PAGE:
That is what Tazneem Wentzel, who graduated with a Master’s in history at UWC, did when she made the Wembley Whopper and the Super Fisheries Gatsby the subjects of her thesis. She submitted her thesis titled “Producing and Consuming the Wembley Whopper and the Super Fisheries Gatsby: Bread Winners and Losers in Athlone, Cape Town, 1950-1980.”
The Wembley Roadhouse and Super Fisheries in Athlone are popular outlets on the Cape Flats. “I chose to write my thesis on takeaways because I figured I should write about something I relate to. I have also always been interested in other ‘sauces’ of history. The family photos tucked away in my mother’s cupboard were my earliest historical fascination.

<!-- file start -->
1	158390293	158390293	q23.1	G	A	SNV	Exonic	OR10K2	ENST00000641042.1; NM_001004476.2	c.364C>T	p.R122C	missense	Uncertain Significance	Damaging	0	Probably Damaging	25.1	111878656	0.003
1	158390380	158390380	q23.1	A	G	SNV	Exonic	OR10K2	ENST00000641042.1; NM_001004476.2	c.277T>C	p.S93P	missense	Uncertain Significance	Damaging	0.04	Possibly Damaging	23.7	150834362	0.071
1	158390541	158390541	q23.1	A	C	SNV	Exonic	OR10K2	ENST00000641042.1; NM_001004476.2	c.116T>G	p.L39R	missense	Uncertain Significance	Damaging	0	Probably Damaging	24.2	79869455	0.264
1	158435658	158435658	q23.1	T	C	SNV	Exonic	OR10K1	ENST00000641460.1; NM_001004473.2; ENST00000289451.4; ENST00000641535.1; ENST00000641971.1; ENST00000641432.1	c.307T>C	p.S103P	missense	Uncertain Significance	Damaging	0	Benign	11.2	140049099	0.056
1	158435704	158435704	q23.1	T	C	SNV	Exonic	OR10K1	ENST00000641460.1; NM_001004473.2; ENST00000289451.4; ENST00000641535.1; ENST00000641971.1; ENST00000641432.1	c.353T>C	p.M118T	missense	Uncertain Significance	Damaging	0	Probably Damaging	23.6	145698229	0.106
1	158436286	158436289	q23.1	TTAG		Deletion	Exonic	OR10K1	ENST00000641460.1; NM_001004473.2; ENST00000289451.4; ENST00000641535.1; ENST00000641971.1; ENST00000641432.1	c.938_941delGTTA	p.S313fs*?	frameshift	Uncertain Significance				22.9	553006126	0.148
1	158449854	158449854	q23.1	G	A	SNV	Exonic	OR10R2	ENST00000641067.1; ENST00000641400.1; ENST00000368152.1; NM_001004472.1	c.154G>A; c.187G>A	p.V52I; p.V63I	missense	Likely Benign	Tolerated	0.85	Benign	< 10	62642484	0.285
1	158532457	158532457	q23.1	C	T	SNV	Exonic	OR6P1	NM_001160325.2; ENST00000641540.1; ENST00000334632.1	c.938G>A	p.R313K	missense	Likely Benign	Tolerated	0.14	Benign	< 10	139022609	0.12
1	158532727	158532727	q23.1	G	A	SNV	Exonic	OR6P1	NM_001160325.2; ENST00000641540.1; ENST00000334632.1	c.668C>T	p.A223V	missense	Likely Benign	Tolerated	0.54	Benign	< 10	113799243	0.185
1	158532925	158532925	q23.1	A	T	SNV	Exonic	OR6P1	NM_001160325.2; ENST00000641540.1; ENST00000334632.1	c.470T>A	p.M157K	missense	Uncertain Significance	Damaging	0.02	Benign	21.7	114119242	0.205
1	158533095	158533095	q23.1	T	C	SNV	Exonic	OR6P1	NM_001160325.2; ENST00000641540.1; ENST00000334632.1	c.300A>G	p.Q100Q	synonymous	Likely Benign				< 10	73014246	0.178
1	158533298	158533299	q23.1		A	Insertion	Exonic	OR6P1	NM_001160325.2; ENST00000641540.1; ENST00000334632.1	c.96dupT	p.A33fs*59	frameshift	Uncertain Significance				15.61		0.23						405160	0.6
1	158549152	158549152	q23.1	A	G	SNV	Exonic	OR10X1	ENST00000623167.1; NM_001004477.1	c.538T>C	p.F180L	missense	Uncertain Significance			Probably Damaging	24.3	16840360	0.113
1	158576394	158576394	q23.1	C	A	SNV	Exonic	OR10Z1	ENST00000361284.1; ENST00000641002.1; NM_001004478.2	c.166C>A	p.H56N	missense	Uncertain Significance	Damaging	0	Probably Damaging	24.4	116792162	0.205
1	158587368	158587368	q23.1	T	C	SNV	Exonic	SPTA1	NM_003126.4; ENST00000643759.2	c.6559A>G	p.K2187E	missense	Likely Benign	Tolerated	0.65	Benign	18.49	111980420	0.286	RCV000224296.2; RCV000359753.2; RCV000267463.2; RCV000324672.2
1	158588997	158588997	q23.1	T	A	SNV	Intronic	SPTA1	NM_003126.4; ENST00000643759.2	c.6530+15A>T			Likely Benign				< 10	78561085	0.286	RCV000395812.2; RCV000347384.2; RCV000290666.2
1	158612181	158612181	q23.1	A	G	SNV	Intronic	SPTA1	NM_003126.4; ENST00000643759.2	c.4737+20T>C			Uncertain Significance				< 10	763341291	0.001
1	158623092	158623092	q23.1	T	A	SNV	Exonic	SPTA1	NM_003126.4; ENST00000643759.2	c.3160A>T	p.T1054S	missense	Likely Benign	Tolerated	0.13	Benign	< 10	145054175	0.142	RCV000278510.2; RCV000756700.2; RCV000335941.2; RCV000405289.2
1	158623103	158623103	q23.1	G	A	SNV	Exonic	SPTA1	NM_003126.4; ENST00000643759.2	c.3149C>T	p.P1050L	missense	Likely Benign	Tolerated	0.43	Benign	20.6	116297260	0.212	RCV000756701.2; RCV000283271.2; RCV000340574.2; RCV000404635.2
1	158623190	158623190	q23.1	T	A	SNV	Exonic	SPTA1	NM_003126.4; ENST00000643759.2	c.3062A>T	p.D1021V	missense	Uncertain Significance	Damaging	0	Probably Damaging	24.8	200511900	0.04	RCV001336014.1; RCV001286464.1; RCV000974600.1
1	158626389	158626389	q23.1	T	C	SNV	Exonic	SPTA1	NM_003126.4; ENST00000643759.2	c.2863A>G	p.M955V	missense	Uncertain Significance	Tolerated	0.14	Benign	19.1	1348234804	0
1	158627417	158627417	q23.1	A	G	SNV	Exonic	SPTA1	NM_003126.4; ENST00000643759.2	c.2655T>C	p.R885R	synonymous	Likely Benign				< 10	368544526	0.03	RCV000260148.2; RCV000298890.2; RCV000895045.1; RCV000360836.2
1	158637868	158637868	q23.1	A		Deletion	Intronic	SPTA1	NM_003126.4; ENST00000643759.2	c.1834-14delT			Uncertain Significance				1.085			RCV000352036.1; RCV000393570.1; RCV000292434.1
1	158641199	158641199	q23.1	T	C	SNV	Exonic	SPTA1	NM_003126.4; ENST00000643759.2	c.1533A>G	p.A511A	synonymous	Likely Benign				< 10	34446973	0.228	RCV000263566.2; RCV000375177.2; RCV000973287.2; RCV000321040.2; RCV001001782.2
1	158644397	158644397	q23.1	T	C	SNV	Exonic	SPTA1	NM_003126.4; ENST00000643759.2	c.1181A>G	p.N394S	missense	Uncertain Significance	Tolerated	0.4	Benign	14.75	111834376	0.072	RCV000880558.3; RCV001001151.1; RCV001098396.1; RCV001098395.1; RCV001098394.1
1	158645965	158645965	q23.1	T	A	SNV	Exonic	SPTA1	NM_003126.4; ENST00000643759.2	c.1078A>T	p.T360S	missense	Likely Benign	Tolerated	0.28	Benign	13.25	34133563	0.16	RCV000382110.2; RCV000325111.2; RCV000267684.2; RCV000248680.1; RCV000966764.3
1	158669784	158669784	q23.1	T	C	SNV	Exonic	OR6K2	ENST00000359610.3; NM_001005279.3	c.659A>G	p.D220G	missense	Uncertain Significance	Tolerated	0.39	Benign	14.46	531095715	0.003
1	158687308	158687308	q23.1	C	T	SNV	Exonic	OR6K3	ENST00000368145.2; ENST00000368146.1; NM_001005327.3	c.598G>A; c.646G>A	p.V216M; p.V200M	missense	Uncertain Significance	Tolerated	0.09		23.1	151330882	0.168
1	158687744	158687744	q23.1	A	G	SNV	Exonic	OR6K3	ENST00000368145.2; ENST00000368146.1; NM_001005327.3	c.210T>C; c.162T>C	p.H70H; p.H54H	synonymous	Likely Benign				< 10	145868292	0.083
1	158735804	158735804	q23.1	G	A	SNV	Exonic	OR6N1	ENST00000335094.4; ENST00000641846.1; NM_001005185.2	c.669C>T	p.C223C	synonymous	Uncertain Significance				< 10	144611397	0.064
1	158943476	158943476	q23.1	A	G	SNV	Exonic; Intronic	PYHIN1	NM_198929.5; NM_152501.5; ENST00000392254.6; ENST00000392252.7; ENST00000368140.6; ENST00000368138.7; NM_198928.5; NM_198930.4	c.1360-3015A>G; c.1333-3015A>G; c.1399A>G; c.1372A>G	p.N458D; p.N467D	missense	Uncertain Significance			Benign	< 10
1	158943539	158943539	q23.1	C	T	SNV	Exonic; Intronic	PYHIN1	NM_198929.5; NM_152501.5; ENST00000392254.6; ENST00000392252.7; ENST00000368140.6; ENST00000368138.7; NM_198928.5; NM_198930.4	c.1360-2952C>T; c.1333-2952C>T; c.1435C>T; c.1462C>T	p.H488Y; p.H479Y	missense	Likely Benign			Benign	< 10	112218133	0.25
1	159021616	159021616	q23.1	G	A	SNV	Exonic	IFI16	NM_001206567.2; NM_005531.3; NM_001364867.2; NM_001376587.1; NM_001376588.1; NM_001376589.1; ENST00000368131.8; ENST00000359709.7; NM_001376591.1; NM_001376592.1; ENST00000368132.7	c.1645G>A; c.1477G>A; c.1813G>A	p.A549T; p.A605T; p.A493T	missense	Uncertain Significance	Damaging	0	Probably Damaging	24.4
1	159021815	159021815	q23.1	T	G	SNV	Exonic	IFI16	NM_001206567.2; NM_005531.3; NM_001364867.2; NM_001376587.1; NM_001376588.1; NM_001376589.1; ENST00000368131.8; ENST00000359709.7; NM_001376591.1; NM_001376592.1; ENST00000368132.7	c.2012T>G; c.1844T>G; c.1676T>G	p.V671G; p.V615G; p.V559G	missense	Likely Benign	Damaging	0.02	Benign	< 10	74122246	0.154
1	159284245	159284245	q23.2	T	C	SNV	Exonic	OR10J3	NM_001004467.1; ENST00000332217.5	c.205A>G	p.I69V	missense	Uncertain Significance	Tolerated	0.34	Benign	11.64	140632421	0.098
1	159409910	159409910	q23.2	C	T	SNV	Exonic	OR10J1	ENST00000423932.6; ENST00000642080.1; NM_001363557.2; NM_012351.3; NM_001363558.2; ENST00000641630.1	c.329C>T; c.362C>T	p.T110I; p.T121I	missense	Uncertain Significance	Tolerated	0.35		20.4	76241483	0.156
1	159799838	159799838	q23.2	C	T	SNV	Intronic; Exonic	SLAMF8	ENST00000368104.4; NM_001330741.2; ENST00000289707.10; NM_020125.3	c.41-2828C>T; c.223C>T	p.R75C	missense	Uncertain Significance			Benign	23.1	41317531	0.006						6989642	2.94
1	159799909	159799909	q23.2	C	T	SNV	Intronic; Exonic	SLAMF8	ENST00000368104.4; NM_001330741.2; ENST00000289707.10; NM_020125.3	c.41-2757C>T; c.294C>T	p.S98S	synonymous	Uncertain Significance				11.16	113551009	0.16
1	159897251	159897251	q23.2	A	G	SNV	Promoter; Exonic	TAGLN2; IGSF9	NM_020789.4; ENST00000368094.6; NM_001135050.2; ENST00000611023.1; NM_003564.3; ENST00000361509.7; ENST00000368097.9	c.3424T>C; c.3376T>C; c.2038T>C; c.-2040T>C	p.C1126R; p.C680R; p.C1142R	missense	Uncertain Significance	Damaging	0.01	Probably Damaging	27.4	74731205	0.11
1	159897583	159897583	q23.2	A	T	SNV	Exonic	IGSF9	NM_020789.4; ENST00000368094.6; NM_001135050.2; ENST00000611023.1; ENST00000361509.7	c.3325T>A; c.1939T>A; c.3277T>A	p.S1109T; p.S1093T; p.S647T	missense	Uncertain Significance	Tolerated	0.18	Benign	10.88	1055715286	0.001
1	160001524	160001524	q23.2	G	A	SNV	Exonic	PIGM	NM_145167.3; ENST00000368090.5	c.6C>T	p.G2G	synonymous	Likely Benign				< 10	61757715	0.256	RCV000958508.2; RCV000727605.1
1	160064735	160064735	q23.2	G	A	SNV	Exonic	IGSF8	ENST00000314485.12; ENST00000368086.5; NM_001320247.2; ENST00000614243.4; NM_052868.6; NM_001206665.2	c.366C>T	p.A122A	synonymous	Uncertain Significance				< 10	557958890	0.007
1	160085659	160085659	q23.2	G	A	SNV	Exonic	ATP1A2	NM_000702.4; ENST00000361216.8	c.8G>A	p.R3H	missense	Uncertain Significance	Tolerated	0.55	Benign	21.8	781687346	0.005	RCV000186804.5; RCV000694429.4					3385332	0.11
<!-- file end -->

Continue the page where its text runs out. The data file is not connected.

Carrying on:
“I guess this curiosity for history outside the classroom has always fascinated me. Museums and history-making are in our kitchens and in our food. Also, I was working for the District Six Museum huis kombuis project and I realised that the Whopper and the Gatsby emerged at very particular points in history – that is, just after the forced removals, when people were re-establishing themselves on the periphery of the city,” said Wentzel.
The establishment of these family-owned takeaway outlets that catered for black consumers were made popular during the political and economic upheavals of forced removals in the 1970s. The thesis explains how the take-aways surrounding the Cape Flats have lived through the apartheid era and the various social challenges.
“Ideas of tradition and health became categories through which racial discourse was operationalised by both cultural and scientific agents of the colonial and apartheid state.
“Nevertheless, the Whopper and Gatsby represented culinary adaptations that appealed to a mobile generation of activists that challenged social restrictions and ideas about race and diet,” said Wentzel.